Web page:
Being a runner, and being a fan of Olympic/amateur athletics, to me this was an increble listen. Well written and read, it is one of my favorite Audible listens to date.
An interesting book, however if you read the reviews at any of the on-line bookstores, you'll hear the same complaint: this book dramatically needs editing. It is understandable that the author will view the incident from multiple angles, but the simple repetition of the same quotes, and near exact passages of text render this a frustrating listen. With better organization, this book could have been 1/2 the length and twice as good.
Briefly, for anyone who has any experience in business, most of the conclusions in the book are going to be predictable and considered common sense. I can't say that any of the book was particularly enlightening, and the very long section on name popularity at the end was excruciating.
This is a great book on Ted Williams the man. If you are looking for a book that centers around baseball, there are many better books to purchase. But as a bio, this is one of the best bio's I've listened to, a very revealing look into who Ted Williams really was. A very worthwhile listen, if a bit of investment of time.
Not a bad book, though I got to about the 5 hour part before I really felt like I was engaged in the book. I'm glad I stuck it out, in the end I did really enjoy the book. Consider what types of books you like to listen to, and buy based on that. BTW, don't skip the interview with the author, it was actually quite good.
First, be aware that the audio quality isn't super, being a conversion from Format 1, but I got beyond that without issue. The big problem I had with this audio book was that it was near impossible to follow the story. I can only suspect that the abridgement of this book took a lot away from the flow of the story. The entire time I listened it seemed like there were meaningful details and scenes just plain missing. By the time I was finished I really had very little idea of what was the significance of the ending. A colleague read the book, and listened to the audio version later, and enjoyed it immensely so I can only suppose that the abridgement had something to do with it.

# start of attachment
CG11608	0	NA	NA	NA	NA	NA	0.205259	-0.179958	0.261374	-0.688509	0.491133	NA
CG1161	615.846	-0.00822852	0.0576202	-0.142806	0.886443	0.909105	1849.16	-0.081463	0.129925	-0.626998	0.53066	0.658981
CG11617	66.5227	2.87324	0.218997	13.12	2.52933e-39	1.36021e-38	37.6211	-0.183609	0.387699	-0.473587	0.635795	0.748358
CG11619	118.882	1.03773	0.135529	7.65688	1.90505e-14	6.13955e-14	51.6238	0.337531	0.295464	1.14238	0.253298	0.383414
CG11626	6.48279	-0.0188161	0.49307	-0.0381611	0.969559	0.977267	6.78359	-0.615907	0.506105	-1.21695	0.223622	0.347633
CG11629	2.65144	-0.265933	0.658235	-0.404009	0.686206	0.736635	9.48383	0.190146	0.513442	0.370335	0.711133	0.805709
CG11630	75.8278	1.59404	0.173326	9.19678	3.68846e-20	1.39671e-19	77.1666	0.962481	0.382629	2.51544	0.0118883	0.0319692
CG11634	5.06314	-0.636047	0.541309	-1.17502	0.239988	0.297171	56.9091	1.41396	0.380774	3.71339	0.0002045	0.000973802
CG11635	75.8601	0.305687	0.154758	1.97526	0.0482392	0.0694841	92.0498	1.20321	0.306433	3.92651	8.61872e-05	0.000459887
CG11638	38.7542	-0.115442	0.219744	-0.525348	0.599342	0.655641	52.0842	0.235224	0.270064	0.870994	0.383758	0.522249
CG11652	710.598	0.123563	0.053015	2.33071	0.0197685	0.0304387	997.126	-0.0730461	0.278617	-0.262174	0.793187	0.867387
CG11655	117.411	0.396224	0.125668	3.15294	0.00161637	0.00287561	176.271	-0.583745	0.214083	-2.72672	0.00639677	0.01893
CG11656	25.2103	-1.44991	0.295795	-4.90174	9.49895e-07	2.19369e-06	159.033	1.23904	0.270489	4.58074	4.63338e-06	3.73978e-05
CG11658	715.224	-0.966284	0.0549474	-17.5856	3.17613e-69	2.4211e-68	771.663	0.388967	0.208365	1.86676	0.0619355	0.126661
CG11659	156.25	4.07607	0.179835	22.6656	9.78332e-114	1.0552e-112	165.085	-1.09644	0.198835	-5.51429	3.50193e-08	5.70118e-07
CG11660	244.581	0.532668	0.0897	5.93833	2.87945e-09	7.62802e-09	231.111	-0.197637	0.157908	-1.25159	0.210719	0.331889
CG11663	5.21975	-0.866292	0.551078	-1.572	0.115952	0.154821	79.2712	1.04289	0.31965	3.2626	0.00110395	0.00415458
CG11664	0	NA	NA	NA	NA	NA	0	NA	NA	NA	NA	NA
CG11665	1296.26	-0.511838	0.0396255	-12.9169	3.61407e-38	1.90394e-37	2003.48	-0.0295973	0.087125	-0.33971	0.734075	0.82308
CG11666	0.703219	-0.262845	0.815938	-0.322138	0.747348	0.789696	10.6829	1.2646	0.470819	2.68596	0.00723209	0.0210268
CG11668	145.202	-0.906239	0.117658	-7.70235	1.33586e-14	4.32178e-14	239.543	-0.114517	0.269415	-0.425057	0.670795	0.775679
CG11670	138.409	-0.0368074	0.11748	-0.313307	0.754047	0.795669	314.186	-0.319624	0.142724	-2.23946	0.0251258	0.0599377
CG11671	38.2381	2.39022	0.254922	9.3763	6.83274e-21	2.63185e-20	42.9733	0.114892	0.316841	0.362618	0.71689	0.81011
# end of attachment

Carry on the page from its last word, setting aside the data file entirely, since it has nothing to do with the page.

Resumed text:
Having read The Last Dive, I downloaded this on a whim. I'm so glad I did, this ranks in the top 10 of historic books I've read in my life. Excellent writing, excellent reading, and a gripping story to say the very least.
Say what you want about this being one-sided, that is what college sports and fandom is all about. If there is a current book out that better describes what it is truly like to be part of a passionate fan base, I don't know of it. For anyone who loves college athletics, this is a must listen. Don't be surprised to see a bit of yourself in it.
It's rare that I'll rate higher than the majority, but boy, this is one. Having listened to Davinci Code and read Angels and Demons, I always thought Dan Brown was interesting, but a bit "pop literature". Rule of Four was better thought out, and much more interesting, even if it didn't have the 'car chase' effect of massive surprises, plot shifts and other devices that Dan Brown uses. For my money, I recommend Rule of Four over Dan Brown every day. I thought it was superb.
I picked this up as a shorter book, given some very long listens lately (see Jonathan Strange!). Even in abridged form the listen can be a bit monotonous, with extreme detail, much like it must have been out there suffering minute by minute. For anyone who doesn't often do adventure books, this is a great one to check out. For someone who does read a lot of mountaineering or other adventure books with the complexities of teams, people, weather, days of tension, etc, this one might be a bit slow. End analysis though: worth a listen for sure.
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